Macro Opportunities for Micro Living: Tiny Houses
Based in Atlanta, the MicroLife Institute is a nonprofit “dedicated to building walkable, sustainable “micro-hood” communities while educating individuals, groups and cities about the positive impacts of micro living.” With the contributions of Executive Director Will Johnston, the MicroLife Institute has made strides towards policy change and increased the incorporation of tiny homes throughout the Southeast.
Johnston attended the Georgia Department of Community Affairs’ (DCA) 2019 Fall Conference to educate community leaders about the positive impacts of tiny homes. By guiding attendees on a tour, Johnston was able to spread the word about how sustainable and attainable micro-living is. Read further to learn more about the MicroLife Institute and how this organization is helping pave the way for micro living.
Q: What is the focus of your organization?
A: The MicroLife Institute focuses on education, advocacy, pilot projects research, and events all around the micro-built environment.
Q: In what ways will smaller homes impact the community?
A: There’s a huge shortage of small-built homes, and we need to focus on that infill to help drive workforce housing, student housing, keeping families and communities in rural areas as well as create ways for cities to offer housing closer to work.
Q: With your focus in mind, what is your organization hoping to accomplish or discuss?
A: The MicroLife Institute focuses on the ability to have that bigger conversation around housing for the community. The real conversation needs to be had with the community in providing multiple housing options. Whether they are micro in size or well-designed we need to think progressively on policy to allow walkable density and community driven developments
Q: What is the answer to furthering the tiny-home initiative?
A: All of this can be accomplished through policy and positive perception around smaller housing options.
Q: What would you say to people who have goals to have a large home?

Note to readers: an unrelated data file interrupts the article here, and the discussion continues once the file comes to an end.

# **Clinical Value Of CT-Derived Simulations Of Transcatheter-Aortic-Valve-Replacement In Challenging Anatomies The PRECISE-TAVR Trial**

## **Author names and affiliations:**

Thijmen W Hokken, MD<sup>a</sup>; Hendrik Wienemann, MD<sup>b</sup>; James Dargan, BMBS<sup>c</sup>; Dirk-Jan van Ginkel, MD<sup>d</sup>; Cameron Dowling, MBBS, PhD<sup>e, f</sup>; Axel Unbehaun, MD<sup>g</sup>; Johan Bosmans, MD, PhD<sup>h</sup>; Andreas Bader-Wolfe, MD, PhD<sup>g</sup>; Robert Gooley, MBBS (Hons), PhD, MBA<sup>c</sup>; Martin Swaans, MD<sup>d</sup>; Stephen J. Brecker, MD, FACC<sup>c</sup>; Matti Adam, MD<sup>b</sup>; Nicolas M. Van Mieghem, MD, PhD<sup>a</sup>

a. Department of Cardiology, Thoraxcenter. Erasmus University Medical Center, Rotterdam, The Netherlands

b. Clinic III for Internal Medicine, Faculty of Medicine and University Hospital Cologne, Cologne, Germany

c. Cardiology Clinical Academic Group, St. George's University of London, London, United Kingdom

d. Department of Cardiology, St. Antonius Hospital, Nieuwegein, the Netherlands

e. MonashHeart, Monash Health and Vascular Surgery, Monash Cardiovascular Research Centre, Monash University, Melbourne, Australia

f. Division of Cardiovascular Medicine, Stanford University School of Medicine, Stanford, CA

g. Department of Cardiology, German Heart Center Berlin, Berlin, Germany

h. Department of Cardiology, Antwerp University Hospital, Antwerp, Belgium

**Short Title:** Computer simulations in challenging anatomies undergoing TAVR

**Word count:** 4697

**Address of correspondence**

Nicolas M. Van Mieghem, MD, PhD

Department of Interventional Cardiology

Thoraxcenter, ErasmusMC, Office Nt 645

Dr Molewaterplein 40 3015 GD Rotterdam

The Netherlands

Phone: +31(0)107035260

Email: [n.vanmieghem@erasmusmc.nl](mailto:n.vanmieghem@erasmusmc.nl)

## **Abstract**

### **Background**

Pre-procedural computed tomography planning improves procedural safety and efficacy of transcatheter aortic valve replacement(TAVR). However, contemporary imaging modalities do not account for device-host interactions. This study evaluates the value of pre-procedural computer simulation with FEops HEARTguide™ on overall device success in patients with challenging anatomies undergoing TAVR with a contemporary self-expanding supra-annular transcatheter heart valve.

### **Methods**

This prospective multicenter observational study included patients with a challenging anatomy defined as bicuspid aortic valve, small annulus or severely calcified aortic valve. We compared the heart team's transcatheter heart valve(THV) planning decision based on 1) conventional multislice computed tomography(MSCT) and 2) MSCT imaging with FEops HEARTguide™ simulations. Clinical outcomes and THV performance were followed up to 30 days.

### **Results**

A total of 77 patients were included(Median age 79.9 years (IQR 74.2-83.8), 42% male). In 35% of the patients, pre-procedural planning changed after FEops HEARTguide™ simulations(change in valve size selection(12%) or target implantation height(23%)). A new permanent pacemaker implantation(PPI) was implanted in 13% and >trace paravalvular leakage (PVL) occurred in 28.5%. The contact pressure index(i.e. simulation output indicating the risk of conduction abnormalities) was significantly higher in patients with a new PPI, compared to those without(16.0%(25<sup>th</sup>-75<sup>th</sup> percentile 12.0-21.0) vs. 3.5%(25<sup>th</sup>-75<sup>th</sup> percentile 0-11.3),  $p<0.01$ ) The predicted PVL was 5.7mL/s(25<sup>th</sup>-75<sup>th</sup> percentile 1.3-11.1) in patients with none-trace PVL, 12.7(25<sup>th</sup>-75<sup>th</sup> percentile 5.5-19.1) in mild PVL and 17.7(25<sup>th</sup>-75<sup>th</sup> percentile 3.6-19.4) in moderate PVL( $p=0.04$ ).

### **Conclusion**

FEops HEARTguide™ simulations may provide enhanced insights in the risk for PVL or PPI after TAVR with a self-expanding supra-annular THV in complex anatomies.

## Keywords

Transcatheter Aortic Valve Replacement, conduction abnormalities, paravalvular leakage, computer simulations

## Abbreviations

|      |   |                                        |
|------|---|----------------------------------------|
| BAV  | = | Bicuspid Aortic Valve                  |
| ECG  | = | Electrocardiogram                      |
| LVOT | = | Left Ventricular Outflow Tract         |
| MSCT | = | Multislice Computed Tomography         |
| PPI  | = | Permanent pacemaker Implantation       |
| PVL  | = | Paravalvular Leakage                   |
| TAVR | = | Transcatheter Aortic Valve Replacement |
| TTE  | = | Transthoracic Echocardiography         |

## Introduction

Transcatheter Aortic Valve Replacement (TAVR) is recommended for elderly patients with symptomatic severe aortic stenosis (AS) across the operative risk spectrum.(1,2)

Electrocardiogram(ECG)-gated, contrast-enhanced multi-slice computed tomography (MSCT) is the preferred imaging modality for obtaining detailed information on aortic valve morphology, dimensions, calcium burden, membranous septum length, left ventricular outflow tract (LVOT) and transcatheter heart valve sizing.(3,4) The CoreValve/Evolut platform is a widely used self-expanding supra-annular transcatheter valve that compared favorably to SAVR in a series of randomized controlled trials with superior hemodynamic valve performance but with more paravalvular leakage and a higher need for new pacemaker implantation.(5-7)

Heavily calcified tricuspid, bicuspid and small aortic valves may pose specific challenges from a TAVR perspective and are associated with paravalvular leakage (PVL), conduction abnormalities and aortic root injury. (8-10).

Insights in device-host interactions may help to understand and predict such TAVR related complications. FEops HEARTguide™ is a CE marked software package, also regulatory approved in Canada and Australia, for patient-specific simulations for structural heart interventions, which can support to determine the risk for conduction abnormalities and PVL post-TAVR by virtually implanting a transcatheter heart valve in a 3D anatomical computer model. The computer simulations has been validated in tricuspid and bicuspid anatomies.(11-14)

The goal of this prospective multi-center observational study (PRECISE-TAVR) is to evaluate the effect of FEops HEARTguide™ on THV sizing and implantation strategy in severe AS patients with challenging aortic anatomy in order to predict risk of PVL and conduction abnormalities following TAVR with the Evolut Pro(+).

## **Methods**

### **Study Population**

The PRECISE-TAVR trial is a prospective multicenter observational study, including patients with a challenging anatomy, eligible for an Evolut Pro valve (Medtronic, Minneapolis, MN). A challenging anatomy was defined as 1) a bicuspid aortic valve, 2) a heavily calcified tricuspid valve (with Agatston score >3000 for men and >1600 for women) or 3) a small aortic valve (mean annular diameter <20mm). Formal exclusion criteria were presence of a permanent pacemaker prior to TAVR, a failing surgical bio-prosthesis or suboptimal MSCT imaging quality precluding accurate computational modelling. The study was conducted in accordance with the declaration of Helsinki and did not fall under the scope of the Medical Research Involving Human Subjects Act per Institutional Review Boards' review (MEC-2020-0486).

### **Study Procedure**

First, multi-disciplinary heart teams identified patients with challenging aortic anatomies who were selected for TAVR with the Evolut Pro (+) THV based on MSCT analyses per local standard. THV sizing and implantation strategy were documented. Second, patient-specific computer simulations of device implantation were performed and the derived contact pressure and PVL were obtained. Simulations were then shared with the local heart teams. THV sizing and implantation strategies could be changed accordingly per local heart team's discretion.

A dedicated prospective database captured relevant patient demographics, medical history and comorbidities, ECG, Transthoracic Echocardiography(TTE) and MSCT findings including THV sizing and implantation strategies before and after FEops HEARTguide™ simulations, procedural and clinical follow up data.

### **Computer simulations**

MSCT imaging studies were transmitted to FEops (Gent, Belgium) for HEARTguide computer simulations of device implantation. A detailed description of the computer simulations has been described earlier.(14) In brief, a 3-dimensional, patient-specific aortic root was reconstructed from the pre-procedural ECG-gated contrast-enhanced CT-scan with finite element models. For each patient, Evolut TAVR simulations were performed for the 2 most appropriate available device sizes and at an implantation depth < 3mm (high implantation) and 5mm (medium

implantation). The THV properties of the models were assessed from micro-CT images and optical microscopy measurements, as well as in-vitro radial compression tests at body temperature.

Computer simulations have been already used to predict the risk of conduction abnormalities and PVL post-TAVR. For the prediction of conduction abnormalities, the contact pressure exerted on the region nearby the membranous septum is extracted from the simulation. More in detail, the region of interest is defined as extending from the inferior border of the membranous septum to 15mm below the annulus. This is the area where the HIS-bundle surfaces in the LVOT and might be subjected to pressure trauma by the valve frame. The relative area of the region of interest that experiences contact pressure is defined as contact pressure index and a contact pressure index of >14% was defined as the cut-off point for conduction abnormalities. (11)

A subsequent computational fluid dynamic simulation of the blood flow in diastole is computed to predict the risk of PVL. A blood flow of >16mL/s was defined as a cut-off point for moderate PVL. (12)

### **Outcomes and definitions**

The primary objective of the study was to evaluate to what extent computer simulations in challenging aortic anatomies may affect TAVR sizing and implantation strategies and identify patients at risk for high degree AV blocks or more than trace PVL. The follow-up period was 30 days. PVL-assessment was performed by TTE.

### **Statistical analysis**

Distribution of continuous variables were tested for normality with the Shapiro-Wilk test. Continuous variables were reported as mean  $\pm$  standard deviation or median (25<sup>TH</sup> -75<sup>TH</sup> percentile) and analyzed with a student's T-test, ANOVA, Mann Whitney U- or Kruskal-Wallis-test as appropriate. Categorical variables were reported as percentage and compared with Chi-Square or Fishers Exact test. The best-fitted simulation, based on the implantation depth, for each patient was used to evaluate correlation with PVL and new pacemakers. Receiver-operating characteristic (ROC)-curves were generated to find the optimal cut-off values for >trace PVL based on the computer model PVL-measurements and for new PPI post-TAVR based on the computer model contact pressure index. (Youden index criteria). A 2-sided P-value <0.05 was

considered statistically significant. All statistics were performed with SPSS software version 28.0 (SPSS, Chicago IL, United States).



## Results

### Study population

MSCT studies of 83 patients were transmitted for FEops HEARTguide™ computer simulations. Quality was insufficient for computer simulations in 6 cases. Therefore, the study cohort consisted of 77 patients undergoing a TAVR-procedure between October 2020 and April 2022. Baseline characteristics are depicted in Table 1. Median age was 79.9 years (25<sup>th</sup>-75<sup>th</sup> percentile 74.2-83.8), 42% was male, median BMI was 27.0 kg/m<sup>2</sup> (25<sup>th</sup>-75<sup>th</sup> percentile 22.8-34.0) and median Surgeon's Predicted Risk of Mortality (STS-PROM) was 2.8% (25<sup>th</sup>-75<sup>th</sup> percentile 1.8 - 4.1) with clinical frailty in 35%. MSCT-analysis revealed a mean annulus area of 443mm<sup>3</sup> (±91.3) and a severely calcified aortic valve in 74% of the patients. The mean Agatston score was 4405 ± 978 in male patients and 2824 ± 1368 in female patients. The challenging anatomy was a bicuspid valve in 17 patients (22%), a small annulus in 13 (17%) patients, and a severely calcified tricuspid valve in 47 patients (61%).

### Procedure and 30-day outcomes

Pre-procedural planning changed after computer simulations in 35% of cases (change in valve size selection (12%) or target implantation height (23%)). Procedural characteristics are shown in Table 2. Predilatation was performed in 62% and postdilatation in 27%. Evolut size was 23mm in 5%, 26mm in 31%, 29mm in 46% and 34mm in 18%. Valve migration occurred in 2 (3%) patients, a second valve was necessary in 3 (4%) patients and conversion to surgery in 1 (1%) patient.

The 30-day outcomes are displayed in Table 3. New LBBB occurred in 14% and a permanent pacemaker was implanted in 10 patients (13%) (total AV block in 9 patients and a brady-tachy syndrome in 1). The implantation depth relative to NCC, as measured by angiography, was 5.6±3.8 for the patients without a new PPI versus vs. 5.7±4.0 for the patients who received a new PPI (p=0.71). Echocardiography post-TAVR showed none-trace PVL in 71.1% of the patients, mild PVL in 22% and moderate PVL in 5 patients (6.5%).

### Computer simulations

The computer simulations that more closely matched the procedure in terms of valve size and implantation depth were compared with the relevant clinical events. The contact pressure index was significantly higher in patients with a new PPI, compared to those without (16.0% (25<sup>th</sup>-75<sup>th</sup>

A: Homes don’t need to be epic in size but epic in design. We have been misled to think that success is a large home with two cars, and we need to focus on success as a thriving community and how well our built environments can add to the strength and happiness of our neighborhoods and our loved ones.
Q: So, what is the right amount of space?
A: We feel that spaces between 1500 ft.² (Missing Middle) to a tiny house (200 squared feet) are solid options to help build the right housing mix.
Q: What is “missing middle”?
A: Missing Middle housing consists of multi-unit housing types such as duplexes, fourplexes, bungalow courts and mansion apartments that are not bigger than a large house. They are integrated throughout most walkable pre-1940s neighborhoods, often integrated into blocks with primarily single-family homes. Multi-unit housing provides diverse housing choices and generate enough density to support transit and locally serving commercial amenities. Although many of these are a common feature in pre-war building stocks, these housing types have become much less common.
Q: Do you think smaller homes is a solution for everyone, even families with six or more members?
A: We are not saying everyone needs to downsize, but we need to be given the options to be able to.
Q: If someone wants to learn more about smaller housing options, how can they get in touch with you?